David is coming to New Who for the first time, having loved Classic Who as a kid. Tehani is a recent convert, and ploughed through Seasons 1 to 6 (so far) in just a few weeks after becoming addicted thanks to Matt Smith – she’s rewatching to keep up with David! Tansy is the expert in the team, with a history in Doctor Who fandom that goes WAY back, and a passion for Doctor Who that inspires us all. We’re going to work our way through New Who, using season openers and closers, and Hugo shortlisted episodes, as our blogging points. Just for fun! Last time we looked at “The Runaway Bride“, and now we move on to:
“Smith and Jones” – Season Three, Episode One
The Doctor – David Tennant
Martha Jones – Freema Agyeman
I loved Martha from the moment I met her. She’s funny, smart, cool and works well under pressure. I love her dysfunctional but ultimately awesome family and her obvious and instant difference to Rose and Donna (clearly marked by her telling the Doctor about the events of the past couple of years that Donna had missed entirely). Well, in the beginning…
Is it just me or is Tennant more relaxed in the role in this episode? It’s almost like he’s taken a breath and gone, yup, I’m the Doctor and everything is ooo-kay.
There could certainly have been a bigger time gap there, for the Doctor, which allows him to have relaxed a bit into himself. And I think it helps for David Tennant to not be the new boy any more.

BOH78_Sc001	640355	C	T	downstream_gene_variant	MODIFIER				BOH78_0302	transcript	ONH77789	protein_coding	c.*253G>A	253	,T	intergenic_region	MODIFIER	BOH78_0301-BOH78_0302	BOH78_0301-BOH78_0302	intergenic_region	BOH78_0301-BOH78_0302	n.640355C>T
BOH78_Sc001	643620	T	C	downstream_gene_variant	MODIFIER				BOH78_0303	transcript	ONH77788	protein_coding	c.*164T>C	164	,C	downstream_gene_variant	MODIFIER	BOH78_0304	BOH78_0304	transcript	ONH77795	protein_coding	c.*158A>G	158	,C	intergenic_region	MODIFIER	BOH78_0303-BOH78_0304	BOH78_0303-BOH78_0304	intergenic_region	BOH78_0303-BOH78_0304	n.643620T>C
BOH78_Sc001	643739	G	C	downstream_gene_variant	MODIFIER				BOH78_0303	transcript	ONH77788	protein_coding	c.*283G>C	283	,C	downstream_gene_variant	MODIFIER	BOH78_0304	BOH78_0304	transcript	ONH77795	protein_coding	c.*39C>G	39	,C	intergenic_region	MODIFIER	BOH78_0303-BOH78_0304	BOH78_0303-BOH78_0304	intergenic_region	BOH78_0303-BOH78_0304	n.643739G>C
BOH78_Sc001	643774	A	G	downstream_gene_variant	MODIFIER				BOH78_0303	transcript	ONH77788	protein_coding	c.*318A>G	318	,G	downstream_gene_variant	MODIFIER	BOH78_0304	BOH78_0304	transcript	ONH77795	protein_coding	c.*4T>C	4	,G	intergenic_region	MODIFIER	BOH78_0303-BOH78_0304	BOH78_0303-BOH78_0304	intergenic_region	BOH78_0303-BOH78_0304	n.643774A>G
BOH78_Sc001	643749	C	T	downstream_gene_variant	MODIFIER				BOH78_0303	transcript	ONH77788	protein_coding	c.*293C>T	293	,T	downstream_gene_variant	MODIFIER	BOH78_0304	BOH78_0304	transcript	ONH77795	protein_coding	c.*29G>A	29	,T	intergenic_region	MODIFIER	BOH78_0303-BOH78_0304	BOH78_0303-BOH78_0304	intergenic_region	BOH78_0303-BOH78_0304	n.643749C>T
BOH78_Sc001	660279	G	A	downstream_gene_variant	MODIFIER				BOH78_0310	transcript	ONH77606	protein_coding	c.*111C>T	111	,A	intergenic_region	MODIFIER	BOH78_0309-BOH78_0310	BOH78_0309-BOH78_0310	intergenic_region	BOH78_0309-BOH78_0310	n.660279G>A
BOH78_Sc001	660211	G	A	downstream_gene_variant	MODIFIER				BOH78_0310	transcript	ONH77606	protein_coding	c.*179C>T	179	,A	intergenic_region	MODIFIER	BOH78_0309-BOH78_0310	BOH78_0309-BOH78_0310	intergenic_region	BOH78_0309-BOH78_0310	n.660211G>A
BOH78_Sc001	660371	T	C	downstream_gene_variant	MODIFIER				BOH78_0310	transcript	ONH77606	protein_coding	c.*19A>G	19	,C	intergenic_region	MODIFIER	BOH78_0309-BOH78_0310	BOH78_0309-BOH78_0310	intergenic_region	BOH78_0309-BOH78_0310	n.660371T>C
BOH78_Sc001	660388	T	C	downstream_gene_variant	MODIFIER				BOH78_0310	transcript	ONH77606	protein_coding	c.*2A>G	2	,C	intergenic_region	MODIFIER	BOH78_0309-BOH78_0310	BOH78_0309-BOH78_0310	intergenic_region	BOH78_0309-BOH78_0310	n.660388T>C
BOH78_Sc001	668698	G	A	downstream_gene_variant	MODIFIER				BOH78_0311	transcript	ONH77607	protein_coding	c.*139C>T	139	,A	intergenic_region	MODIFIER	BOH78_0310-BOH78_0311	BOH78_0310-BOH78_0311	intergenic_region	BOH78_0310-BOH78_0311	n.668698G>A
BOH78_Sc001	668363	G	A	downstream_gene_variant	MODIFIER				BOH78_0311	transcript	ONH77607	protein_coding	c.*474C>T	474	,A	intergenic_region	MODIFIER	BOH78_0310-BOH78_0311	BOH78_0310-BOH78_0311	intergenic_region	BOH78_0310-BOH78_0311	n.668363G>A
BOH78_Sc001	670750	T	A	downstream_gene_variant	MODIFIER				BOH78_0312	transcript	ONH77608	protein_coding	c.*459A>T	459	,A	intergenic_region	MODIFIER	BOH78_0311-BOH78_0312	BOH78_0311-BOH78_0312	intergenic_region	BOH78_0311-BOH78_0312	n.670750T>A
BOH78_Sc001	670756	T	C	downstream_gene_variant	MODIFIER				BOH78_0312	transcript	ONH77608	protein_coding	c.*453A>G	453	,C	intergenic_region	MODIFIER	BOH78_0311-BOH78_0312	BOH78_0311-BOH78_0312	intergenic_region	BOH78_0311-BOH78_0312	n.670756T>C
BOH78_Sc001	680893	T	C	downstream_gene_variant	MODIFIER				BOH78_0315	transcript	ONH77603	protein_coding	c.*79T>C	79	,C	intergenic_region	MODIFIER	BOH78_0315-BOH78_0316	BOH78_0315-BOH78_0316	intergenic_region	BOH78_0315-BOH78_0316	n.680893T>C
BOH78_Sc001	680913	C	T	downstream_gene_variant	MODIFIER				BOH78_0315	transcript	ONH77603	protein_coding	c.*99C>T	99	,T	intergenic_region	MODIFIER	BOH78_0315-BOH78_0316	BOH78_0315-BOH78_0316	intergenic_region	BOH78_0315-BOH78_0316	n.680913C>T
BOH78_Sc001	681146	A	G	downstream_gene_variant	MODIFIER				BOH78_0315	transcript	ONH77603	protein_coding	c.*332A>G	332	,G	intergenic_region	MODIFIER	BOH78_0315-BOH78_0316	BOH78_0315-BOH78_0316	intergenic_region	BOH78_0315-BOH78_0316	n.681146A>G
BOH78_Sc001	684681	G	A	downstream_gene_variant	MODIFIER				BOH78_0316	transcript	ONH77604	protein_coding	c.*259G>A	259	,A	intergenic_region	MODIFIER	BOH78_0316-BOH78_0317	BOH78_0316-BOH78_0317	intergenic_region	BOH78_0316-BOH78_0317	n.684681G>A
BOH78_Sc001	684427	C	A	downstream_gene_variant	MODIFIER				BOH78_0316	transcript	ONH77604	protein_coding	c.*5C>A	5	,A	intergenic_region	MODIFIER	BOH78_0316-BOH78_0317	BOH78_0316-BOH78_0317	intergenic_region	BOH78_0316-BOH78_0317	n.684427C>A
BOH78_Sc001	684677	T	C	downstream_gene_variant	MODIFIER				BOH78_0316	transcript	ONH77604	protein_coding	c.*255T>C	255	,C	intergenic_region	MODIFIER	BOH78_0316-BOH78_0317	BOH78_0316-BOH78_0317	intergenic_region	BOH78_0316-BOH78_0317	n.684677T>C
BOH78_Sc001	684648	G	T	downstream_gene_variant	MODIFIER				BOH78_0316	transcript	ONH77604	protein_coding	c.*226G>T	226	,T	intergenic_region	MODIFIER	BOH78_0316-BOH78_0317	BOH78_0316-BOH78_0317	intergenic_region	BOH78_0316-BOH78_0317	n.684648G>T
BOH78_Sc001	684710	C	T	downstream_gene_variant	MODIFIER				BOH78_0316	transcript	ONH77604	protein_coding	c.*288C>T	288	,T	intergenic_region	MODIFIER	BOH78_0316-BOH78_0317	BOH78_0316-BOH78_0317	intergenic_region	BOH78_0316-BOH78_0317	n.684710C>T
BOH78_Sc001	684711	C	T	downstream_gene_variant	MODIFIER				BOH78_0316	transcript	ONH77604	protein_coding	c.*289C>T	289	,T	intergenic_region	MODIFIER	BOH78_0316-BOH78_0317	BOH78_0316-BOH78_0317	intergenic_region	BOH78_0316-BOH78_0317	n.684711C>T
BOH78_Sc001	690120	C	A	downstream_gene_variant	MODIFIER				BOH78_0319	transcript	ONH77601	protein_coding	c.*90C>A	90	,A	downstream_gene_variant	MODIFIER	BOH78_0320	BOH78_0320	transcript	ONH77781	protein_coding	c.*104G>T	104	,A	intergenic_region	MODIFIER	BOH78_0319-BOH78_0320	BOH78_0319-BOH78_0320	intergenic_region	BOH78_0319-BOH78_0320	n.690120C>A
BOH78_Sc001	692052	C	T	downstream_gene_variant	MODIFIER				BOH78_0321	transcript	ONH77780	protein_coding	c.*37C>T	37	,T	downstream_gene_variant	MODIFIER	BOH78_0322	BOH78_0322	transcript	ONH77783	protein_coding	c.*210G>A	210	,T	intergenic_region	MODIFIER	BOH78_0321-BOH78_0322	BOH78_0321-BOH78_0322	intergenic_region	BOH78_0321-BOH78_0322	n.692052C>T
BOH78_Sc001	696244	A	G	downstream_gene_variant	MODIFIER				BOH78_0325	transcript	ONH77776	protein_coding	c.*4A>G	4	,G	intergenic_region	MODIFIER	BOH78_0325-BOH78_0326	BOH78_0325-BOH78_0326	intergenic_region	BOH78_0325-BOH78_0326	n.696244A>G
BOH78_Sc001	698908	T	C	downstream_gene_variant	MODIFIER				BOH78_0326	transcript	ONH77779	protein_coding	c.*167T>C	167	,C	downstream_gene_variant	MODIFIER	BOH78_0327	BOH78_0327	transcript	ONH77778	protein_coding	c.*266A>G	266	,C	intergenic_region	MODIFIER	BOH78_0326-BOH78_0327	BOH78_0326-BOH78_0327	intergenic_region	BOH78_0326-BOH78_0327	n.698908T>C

I’m also a huge Martha fan! This is a great introduction to her and her family – and it really is a game of contrasts between her and Rose. She has a life, something not as easily walked away from, and is only interested in an adventure or two before returning to her career and attachments. She’s also capable, clever and quite flexible.
Like Donna, she’s also perfectly capable of smacking the Doctor around when he gets too high handed … and does it rather less abrasively than Donna did in “The Runaway Bride”.
Once I got over how familiar she looked, neatly explained away of course, I was really impressed with Martha. I agree about the contrast with Rose, it is almost as if they were trying to find the complete opposite. I am in no way calling Rose stupid, but one of the things they emphasise about her is her limited education and the narrowness of her experience of life. The way her journeys with the Doctor expand these horizons is a major part of her character arc.
In Martha we are presented with someone who is well educated and has a very nimble and inquiring mind, and who immediately grasps the ramifications of what has happened to the hospital and the patients, yet can still grasp the wonder of what she is seeing (and how brilliant an image is this hospital sitting on the surface of the moon, bathed in “Earthlight” as the Doctor so elegantly puts it?). You can see how much she impresses the Doctor from the word go (and I was equally as impressed). Terrible doctor though, fancy running around with the Doctor instead of attending to her patients! Continue reading